posted on (deprecated) site on February 21, 2017

It was Arthur C Clarke who introduced me to fractals.

To be specific, it was The Ghost from the Grand Banks, a novel he published in 1990.  In it, Edith Craig, a mathematician, spends her time plotting the Mandelbrot set on a computer screen. Eventually, drawn to the strange Neverlands it sketches on her screen, Edith becomes one of a strange band of reclusive explorers who spend their lives mapping out the far corners of the Mandelbrot set. They share little discoveries – ‘islands’ and ‘seas’ – real-life analogues drawn by a mathematical equation.

It was probably not Clarke’s best work. I barely remember the main plot. But the fractals stuck with me.  Something about it reminded me of a childhood favourite: Peter Pan, by J.M. Barrie, saying

“If you shut your eyes and are a lucky one, you may see at times a shapeless pool of lovely pale colours suspended in the darkness; then if you squeeze your eyes tighter, the pool begins to take shape, and the colours become so vivid that with another squeeze they must go on fire.”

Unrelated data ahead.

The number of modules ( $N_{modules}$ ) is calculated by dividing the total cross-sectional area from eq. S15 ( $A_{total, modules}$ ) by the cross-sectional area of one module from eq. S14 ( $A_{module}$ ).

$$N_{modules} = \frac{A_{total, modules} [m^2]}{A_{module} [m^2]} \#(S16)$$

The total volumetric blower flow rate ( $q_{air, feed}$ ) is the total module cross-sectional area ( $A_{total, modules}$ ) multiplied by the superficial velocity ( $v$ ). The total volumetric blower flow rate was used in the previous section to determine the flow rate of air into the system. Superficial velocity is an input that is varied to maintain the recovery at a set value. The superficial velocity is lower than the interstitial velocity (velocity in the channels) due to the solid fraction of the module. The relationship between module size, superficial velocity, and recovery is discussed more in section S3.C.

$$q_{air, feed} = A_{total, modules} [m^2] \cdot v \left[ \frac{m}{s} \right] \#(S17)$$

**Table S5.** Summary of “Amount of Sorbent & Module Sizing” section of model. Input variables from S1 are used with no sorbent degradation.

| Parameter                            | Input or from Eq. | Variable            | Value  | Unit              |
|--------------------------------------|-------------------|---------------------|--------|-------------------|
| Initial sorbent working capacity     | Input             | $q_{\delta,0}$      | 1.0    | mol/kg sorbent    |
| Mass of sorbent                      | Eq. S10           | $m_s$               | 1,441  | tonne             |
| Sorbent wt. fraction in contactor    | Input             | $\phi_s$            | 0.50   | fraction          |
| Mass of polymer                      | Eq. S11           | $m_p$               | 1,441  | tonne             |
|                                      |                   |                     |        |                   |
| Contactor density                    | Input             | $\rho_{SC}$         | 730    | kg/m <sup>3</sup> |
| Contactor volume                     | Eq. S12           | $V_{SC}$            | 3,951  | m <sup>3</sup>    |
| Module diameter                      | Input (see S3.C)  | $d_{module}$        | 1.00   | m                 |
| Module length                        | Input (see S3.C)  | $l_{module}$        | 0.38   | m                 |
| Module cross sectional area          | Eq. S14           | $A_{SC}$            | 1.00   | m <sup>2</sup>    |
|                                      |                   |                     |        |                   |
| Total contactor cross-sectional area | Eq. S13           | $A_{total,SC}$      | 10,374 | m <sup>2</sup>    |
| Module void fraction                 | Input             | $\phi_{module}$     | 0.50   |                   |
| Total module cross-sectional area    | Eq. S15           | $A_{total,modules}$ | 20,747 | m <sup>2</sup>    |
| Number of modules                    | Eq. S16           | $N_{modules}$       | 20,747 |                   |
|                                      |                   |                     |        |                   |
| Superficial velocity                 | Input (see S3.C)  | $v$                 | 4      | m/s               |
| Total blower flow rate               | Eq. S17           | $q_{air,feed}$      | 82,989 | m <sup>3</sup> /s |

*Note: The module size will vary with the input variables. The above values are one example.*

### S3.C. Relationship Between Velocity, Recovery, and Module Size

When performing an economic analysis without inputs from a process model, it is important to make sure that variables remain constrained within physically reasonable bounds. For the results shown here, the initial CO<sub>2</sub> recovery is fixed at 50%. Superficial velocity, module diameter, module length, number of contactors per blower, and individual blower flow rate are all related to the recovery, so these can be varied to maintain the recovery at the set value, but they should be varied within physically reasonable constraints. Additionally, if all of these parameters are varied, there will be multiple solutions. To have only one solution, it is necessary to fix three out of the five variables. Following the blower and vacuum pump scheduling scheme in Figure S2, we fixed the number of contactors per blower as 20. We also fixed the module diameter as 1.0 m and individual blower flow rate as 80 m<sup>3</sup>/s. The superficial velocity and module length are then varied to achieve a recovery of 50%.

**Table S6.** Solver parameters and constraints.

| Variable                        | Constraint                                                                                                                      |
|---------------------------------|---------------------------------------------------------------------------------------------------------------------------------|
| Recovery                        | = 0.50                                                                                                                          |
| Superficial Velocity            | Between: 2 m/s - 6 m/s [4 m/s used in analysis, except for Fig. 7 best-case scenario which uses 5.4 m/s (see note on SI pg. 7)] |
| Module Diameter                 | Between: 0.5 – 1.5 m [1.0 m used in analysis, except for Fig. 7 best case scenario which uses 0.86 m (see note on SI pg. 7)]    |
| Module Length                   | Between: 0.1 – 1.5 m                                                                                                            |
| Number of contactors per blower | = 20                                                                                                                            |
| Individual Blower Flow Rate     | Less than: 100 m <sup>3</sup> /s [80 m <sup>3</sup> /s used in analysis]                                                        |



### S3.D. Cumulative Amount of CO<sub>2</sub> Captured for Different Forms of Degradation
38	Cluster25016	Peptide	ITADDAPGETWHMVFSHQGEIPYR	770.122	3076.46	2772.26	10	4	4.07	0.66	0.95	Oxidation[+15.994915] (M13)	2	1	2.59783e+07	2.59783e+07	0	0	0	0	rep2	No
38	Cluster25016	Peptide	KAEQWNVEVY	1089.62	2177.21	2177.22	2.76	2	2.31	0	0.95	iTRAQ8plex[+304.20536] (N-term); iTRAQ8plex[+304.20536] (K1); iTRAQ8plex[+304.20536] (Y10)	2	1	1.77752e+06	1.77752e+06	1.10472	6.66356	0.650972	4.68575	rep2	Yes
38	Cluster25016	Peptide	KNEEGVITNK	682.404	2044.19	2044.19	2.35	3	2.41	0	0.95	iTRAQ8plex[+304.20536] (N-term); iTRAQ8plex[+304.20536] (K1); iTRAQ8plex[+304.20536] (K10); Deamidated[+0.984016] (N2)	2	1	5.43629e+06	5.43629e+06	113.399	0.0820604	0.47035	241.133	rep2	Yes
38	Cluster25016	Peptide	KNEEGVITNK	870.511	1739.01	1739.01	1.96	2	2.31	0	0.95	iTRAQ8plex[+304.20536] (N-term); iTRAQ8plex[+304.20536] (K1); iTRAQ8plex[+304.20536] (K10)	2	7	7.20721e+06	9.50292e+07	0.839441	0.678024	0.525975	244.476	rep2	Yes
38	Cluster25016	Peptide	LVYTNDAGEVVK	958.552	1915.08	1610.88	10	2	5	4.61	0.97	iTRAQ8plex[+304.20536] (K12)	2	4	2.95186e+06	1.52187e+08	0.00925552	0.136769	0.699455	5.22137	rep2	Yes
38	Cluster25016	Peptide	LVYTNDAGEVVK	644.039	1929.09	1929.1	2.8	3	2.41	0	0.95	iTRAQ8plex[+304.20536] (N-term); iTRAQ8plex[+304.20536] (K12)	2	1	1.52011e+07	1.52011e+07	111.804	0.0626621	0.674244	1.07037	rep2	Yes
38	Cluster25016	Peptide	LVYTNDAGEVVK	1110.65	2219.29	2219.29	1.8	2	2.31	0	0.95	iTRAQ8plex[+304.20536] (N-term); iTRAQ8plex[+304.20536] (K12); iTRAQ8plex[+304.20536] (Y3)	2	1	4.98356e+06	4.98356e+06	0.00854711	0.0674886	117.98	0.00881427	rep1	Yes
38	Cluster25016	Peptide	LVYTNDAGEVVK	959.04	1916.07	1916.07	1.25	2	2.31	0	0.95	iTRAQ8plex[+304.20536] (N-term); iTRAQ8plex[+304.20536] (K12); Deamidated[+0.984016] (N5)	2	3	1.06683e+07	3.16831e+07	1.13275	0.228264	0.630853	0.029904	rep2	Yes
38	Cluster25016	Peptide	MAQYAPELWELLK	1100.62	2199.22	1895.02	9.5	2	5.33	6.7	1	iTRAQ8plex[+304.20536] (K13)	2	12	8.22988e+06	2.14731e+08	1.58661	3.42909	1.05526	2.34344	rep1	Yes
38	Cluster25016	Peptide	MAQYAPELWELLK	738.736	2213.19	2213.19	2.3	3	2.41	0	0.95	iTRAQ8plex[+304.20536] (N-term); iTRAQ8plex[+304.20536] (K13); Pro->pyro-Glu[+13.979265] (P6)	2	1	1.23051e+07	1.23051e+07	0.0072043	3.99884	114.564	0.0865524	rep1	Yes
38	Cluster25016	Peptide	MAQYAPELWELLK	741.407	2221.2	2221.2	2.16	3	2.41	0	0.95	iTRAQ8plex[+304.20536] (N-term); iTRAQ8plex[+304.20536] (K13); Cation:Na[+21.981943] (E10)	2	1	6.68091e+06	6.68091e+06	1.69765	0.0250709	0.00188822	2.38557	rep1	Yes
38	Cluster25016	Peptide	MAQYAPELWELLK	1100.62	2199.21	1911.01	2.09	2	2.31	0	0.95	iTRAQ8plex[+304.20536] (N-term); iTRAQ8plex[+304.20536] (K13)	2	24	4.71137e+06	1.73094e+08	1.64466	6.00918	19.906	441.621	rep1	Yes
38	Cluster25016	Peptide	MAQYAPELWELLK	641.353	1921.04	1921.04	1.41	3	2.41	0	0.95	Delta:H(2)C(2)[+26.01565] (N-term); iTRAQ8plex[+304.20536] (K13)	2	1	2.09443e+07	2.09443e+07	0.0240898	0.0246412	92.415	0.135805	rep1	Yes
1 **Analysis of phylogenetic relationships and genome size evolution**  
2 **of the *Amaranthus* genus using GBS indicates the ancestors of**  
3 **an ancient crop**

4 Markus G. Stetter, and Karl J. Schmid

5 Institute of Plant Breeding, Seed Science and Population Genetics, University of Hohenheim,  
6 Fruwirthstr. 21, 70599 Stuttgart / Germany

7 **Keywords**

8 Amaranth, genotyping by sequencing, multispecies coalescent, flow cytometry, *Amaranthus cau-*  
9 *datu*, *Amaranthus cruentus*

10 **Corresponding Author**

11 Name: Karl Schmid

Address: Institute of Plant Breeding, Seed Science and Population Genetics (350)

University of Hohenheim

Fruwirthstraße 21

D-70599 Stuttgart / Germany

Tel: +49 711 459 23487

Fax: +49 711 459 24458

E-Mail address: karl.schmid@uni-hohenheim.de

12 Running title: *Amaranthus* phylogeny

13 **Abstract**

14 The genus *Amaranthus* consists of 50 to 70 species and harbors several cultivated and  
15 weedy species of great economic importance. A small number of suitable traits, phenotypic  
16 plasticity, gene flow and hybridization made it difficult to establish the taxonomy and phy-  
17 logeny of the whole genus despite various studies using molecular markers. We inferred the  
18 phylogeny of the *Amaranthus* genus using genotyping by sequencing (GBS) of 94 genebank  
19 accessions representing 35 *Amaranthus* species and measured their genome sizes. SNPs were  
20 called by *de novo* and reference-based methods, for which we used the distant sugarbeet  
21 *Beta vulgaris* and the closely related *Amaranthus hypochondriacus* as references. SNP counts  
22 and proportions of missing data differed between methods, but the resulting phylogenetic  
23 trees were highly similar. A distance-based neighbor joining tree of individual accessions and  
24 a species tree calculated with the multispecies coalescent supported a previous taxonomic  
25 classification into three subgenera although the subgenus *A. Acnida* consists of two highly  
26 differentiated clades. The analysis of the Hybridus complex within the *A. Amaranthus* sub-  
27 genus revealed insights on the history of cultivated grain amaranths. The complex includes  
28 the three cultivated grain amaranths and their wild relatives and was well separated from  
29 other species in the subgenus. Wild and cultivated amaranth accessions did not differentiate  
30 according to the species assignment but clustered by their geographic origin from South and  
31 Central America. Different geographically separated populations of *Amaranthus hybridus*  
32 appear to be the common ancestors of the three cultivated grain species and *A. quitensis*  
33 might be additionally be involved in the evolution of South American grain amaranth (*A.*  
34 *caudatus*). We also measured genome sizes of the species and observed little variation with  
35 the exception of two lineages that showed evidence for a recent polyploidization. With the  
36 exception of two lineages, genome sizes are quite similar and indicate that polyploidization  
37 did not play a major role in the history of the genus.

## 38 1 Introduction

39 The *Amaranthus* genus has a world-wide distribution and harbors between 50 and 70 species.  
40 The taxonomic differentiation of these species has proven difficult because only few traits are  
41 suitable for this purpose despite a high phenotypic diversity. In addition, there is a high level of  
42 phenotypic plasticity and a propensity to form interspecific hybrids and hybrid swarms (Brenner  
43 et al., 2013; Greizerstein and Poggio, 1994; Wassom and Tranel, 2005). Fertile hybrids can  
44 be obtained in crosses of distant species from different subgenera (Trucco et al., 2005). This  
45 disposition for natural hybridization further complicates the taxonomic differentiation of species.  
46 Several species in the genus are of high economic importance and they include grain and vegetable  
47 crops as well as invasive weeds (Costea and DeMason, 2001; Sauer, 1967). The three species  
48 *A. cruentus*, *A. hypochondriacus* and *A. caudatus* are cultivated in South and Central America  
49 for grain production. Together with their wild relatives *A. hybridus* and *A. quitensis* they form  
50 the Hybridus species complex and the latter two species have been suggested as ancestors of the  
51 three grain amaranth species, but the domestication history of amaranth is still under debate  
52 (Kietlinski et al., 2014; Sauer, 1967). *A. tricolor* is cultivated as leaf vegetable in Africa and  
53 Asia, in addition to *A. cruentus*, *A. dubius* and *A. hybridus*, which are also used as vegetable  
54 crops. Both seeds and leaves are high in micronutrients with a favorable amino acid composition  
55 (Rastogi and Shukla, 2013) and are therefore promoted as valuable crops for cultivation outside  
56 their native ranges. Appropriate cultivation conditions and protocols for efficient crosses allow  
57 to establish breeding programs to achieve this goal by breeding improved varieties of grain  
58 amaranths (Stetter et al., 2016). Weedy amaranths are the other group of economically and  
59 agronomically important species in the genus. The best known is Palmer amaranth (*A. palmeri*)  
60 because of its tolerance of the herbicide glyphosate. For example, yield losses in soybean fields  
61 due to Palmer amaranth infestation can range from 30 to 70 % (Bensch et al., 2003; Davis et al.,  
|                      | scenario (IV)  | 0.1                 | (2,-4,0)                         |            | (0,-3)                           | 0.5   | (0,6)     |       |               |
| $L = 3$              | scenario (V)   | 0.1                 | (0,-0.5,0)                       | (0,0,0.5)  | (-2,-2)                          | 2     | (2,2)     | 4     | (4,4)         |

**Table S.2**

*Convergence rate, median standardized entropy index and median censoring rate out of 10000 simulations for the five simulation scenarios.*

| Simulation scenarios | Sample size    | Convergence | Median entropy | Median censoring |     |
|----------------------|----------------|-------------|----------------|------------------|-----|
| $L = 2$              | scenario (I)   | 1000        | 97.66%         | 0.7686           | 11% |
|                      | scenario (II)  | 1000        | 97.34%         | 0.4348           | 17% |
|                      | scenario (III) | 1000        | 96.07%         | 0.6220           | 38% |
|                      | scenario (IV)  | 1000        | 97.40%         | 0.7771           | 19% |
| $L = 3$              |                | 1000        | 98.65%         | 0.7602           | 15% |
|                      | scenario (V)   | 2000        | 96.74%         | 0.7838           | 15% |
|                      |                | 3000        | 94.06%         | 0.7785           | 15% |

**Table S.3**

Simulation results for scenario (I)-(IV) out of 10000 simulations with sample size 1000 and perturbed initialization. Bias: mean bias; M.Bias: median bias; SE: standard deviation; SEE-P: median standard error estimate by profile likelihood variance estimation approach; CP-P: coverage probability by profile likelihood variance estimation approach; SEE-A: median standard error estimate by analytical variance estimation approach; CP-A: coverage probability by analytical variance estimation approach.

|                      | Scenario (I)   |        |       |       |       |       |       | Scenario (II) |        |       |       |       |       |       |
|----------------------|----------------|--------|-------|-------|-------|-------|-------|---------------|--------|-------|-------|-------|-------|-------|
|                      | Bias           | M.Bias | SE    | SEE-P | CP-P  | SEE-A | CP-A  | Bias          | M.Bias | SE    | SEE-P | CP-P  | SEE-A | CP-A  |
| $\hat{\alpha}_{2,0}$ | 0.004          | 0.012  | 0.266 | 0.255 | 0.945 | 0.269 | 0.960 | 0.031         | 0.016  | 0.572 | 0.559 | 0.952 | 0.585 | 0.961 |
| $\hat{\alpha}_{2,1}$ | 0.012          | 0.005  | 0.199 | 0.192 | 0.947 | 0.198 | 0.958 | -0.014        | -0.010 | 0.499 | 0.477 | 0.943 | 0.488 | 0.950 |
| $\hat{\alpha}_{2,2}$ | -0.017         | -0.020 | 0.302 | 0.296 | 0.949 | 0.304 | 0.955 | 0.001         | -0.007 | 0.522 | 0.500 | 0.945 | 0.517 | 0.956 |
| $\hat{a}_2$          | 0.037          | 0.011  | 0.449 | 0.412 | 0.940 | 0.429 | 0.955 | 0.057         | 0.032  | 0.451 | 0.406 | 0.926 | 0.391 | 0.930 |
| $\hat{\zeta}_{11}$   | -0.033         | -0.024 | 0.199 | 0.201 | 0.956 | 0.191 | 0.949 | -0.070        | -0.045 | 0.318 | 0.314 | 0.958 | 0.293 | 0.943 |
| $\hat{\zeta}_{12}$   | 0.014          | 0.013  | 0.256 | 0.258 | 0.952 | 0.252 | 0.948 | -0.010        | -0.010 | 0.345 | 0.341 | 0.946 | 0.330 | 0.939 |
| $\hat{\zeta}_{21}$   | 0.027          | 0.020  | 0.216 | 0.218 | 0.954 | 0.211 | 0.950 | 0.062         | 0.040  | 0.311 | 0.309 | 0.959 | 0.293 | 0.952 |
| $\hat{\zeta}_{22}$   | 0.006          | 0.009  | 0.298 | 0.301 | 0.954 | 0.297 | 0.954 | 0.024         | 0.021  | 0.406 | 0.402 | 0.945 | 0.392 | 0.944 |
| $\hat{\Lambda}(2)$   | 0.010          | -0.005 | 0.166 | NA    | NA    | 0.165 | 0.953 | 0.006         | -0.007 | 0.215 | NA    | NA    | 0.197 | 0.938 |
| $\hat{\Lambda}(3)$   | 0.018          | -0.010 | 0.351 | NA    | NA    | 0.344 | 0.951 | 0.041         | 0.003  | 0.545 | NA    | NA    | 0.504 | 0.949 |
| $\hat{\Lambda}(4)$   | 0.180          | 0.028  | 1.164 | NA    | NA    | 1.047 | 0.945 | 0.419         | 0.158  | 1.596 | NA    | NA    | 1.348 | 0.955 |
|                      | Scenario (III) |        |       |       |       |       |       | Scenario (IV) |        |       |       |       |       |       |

When I managed to find a Java applet that drew the M-set out for me, I clicked and prodded in childish wonder at the nebula-like multicolored Neverland it built for me.


From Malin Christersson’s blog. From left to right, the fractal is being zoomed in – and you see the features developing as we do so. Some of these visuals even have names. Seahorse Valley. Elephant Valley.

I saw trees, islands, neurons- enough to keep me occupied for a long time. You see even stranger things when you go 3D.


The tribox, from Skytopia. Notice the Alien-esque visuals.

Ever since then, I’ve been not-so-systematically cataloging the uses of fractal visualizations. Out of everything I’ve seen, the most eye-catching use is …

City design.

Daniel Brown is an architect, designer and programmer. He’s pretty famous in certain circles – especially anything that has to do with generative architecture. Both Jonathan Ive (Apple) and William Gibson (Neuromancer) are fans of his work, and that’s high praise.

I first came across his work in 2013, when the Daily Mail (UK) ran an article about a paralyzed designer who created flowers out of mathematical formulae.

Like these.


Daniel used an algorithm to create a flower form that he then adapted to create new, individual ‘species’  all of them distinct, but so plausible-looking. Throw time forward a bit, and Daniel Brown pops up on my feed again; this time, with something far more complex: the City of God.